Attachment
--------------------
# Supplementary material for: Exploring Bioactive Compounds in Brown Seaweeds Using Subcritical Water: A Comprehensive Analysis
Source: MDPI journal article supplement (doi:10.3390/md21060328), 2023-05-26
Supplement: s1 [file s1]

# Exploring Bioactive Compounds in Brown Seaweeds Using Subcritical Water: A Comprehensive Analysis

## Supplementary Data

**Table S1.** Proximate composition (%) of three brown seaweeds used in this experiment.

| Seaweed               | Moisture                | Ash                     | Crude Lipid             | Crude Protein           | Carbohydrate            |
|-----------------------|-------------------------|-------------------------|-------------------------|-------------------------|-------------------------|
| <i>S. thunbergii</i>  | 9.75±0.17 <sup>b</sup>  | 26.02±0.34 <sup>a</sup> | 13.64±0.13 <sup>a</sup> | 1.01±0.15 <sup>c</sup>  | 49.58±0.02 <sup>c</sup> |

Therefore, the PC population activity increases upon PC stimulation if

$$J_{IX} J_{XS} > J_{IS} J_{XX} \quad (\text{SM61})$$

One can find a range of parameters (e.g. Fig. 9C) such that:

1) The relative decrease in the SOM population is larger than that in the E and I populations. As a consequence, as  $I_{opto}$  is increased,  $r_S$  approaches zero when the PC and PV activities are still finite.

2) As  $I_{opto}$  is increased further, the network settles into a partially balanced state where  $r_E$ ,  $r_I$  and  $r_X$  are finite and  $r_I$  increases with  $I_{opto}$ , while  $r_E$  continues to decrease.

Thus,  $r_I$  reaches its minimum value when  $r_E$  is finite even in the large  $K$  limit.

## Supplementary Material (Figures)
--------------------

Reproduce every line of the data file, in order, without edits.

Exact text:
# Supplementary material for: Exploring Bioactive Compounds in Brown Seaweeds Using Subcritical Water: A Comprehensive Analysis
Source: MDPI journal article supplement (doi:10.3390/md21060328), 2023-05-26
Supplement: s1 [file s1]

# Exploring Bioactive Compounds in Brown Seaweeds Using Subcritical Water: A Comprehensive Analysis

## Supplementary Data

**Table S1.** Proximate composition (%) of three brown seaweeds used in this experiment.

| Seaweed               | Moisture                | Ash                     | Crude Lipid             | Crude Protein           | Carbohydrate            |
|-----------------------|-------------------------|-------------------------|-------------------------|-------------------------|-------------------------|
| <i>S. thunbergii</i>  | 9.75±0.17 <sup>b</sup>  | 26.02±0.34 <sup>a</sup> | 13.64±0.13 <sup>a</sup> | 1.01±0.15 <sup>c</sup>  | 49.58±0.02 <sup>c</sup> |

Therefore, the PC population activity increases upon PC stimulation if

$$J_{IX} J_{XS} > J_{IS} J_{XX} \quad (\text{SM61})$$

One can find a range of parameters (e.g. Fig. 9C) such that:

1) The relative decrease in the SOM population is larger than that in the E and I populations. As a consequence, as  $I_{opto}$  is increased,  $r_S$  approaches zero when the PC and PV activities are still finite.

2) As  $I_{opto}$  is increased further, the network settles into a partially balanced state where  $r_E$ ,  $r_I$  and  $r_X$  are finite and  $r_I$  increases with  $I_{opto}$ , while  $r_E$  continues to decrease.

Thus,  $r_I$  reaches its minimum value when  $r_E$  is finite even in the large  $K$  limit.

## Supplementary Material (Figures)